A Publication of WTVP

Since this edition of iBi hits the street very early in the month, I’d like to emphasize the importance of the April 5th consolidated election and the need for a large voter turnout. We will be going to the polls to elect five at-large city council members, District 150 school board members, and trustees of the Peoria Park District and Illinois Central College.

As mayor and as a citizen, I am interested in all of these elected offices. But the most important in terms of determining the direction and quality of governance for the City of Peoria is the election of the five at-large council members. This is a critical election, and there are clear distinctions among the 10 candidates. Three are incumbents with a fair amount of name recognition. Readers will recall that at-large council member George Jacob is unable to run, as he is recovering from a serious accident, and Jim Montelongo decided not to seek re-election. While the incumbents and I don’t agree on all matters, I don’t for a moment question their conviction or dedication to our community. These are difficult times for on-the-job training.

Our municipal elections have a unique feature called cumulative voting. This allows the voter to cast up to five votes and split their votes among the candidates if they so choose. Without arguing the merits or shortcomings of cumulative voting, it is a key reason why I believe that a larger voter turnout will likely mean a more balanced, community-oriented and experienced council. And herein rests my main concern.

If you review past municipal elections, you will see that we experienced a low turnout of eligible voters. In 2001, the percentage voting was 32.5 percent. This dropped to 24.3 percent in the 2009 municipal elections. No matter how you cut it, a small number of our eligible voters—not even a solid third in 2001 or a quarter in 2009—determine the makeup of the governing body of our “corporation”…a municipal corporation employing 700 people, spending $165 million in taxpayer dollars, and determining overall quality of services to our 115,000 “customers.” We can and must do better.

It is not my purpose here to analyze why more voters don’t exercise their privilege to vote. There are all kinds of reasons: overall apathy, a dislike of politics, or just being too busy (or lazy). But as chair of our council meetings, I observe that large numbers of citizens get riled up over issues like zoning, historic preservation, budget reductions, approval of incentives for residential and commercial development, and so on. When we conduct public hearings on such matters, our fellow citizens show up in droves, speaking to the issue and lecturing those of us who have the courage to stand for public office. (I wonder if those attending are among the 24 percent who voted, or the three-quarters who didn’t.) And this is fine, because that is what local government is all about.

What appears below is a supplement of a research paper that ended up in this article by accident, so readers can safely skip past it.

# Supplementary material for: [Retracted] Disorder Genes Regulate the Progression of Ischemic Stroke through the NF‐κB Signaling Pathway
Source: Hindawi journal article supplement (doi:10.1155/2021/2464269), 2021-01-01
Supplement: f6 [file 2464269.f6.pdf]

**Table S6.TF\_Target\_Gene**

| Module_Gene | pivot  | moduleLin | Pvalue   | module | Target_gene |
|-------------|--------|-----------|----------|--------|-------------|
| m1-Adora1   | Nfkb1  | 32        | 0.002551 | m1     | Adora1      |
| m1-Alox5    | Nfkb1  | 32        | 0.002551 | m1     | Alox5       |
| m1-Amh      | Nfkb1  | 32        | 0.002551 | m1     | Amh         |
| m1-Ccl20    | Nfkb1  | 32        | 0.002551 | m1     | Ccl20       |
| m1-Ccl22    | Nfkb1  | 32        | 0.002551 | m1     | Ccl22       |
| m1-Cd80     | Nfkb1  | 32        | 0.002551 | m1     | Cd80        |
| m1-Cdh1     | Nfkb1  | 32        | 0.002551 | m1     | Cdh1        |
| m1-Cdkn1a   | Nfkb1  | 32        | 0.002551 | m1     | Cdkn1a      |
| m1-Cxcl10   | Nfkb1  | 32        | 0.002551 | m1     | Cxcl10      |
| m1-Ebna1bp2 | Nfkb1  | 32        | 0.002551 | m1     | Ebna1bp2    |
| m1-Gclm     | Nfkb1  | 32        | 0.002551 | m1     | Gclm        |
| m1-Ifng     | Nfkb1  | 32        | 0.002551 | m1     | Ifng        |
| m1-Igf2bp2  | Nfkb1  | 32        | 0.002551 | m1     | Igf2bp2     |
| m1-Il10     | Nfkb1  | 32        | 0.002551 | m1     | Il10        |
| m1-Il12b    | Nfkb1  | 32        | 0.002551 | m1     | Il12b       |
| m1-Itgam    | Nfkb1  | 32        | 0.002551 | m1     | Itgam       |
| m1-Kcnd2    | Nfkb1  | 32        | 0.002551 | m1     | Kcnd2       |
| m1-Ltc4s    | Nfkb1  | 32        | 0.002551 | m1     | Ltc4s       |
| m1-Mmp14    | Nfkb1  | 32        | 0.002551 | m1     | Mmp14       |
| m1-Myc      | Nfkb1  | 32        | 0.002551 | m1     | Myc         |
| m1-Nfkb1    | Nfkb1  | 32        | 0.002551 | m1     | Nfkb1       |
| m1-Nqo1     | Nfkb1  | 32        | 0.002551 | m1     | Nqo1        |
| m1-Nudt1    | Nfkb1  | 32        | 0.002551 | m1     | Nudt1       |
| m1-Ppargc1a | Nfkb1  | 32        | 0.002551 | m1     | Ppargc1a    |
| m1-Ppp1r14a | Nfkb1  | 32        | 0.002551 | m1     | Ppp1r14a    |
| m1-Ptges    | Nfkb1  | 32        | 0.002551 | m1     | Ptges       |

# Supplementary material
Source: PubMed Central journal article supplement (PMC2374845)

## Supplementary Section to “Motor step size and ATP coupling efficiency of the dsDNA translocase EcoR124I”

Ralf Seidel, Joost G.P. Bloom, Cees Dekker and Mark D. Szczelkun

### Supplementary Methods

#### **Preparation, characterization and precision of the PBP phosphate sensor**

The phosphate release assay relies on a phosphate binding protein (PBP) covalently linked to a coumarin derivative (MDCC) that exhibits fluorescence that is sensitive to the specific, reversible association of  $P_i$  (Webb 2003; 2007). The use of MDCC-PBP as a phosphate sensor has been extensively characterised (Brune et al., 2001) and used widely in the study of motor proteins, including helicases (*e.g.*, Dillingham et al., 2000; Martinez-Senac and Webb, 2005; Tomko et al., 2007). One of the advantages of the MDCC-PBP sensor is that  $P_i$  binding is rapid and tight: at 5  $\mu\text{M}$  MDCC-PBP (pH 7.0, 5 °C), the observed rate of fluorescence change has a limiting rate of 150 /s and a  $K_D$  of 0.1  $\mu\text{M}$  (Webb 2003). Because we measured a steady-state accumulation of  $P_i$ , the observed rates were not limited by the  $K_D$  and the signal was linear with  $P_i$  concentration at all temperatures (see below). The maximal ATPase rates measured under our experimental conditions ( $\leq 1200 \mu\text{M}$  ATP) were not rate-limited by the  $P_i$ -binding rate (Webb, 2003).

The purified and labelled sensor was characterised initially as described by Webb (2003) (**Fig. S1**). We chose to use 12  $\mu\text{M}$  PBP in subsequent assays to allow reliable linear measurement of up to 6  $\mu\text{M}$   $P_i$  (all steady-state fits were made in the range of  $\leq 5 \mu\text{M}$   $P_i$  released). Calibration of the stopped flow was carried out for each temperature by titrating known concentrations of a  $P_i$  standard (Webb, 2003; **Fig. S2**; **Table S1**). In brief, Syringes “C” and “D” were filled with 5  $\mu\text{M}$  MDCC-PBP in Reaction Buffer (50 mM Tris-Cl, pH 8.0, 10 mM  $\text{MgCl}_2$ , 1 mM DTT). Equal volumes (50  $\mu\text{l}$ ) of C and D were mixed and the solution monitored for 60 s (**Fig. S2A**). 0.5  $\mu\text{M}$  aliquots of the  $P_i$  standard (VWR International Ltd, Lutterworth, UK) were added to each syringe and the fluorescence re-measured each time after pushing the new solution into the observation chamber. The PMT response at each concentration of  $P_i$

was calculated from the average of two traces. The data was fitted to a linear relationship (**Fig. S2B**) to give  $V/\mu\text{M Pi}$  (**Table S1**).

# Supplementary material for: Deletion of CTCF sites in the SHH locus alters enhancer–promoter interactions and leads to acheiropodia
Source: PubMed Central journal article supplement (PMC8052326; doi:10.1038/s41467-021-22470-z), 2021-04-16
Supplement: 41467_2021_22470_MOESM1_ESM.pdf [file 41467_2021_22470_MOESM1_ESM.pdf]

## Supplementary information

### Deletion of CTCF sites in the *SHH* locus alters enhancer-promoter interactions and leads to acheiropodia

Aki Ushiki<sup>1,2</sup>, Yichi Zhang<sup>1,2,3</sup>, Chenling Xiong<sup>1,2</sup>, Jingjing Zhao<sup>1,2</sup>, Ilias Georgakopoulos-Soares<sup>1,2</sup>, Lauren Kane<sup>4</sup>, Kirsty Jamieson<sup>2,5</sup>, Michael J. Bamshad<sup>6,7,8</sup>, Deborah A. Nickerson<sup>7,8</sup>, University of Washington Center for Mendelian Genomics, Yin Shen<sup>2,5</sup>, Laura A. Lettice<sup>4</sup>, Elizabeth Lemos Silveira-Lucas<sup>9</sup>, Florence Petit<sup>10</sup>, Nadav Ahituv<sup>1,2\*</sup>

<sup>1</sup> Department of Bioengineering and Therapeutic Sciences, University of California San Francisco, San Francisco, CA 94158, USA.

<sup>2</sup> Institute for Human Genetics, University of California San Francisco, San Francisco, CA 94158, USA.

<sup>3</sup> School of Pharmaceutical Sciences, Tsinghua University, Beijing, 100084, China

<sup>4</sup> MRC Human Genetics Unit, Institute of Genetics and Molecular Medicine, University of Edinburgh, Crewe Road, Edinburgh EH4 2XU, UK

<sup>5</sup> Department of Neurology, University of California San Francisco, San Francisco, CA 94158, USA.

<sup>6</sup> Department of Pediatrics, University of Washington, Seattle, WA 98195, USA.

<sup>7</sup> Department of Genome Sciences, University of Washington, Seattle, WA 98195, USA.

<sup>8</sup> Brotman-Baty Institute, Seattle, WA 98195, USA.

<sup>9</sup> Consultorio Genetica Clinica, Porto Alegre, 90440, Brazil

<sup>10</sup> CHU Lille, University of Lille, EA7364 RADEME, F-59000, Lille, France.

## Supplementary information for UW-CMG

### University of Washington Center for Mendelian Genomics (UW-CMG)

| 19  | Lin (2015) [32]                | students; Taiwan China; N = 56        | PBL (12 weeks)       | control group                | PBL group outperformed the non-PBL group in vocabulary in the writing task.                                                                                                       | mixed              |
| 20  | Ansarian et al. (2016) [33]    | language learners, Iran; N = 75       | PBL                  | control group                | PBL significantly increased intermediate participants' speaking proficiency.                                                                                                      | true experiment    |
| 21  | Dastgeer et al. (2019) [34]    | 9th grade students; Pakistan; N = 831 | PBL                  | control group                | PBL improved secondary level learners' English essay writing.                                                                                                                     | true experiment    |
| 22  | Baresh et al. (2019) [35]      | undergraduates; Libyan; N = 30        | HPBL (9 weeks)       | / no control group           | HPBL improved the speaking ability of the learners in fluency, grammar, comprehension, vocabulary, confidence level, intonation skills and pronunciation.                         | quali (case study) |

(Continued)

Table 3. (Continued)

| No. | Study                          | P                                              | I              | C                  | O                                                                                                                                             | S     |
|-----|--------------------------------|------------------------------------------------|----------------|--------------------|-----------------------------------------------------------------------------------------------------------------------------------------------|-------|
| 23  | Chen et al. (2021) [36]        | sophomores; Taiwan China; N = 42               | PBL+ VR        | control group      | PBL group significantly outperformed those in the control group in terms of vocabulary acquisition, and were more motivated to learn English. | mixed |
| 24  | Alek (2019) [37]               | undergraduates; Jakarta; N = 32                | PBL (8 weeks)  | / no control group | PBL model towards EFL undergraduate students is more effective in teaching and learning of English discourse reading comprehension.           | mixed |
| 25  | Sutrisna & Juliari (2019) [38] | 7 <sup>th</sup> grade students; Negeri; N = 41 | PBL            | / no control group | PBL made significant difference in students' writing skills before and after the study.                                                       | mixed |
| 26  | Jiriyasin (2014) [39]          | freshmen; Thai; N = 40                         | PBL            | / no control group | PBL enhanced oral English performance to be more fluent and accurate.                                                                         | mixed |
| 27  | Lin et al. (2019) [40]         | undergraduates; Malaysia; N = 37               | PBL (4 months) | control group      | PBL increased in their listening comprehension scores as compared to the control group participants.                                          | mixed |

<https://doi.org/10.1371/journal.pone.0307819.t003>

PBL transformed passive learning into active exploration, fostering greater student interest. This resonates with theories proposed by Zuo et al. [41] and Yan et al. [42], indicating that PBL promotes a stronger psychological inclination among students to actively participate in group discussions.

We are the government nearest the voters, and they can—and do—literally touch us on a daily basis. Of course, you can write or call your federal or state legislators, but can you stand up before the entire elected body and express your views, frustrations and feelings? And it is this very fact of closeness and accessibility that should produce huge numbers of voters on April 5th. Those we elect locally impact the basics of our daily existence: law enforcement and nuisance abatement, street maintenance and snow removal, fire suppression, garbage pick-up, code enforcement, building inspections, emergency communications, neighborhood improvement, land use planning and many more.

When we look at the world around us, especially in those countries where masses of people are expressing their desire for social liberties, civic freedoms and economic opportunities, we should be thankful for our representative democracy. The right to democratic self-government is one of the bedrocks of our free society. But we can only work to insure its sustainability for future generations, if we participate in elections and preserve those rights of self expression and choice.

All this begins at the local level. Your city council endeavors to do the best job it can in deciding tough matters like the allocation of scarce tax dollars—so much to do with so little! By voting on April 5th, you can demonstrate your commitment to efficient and effective local governance. You also do your part to preserve the rights and blessings we have to live in an open, free and self-governing society. We can’t take that for granted. Please remind your family and co-workers to get out and vote, too.

See you at the polls! iBi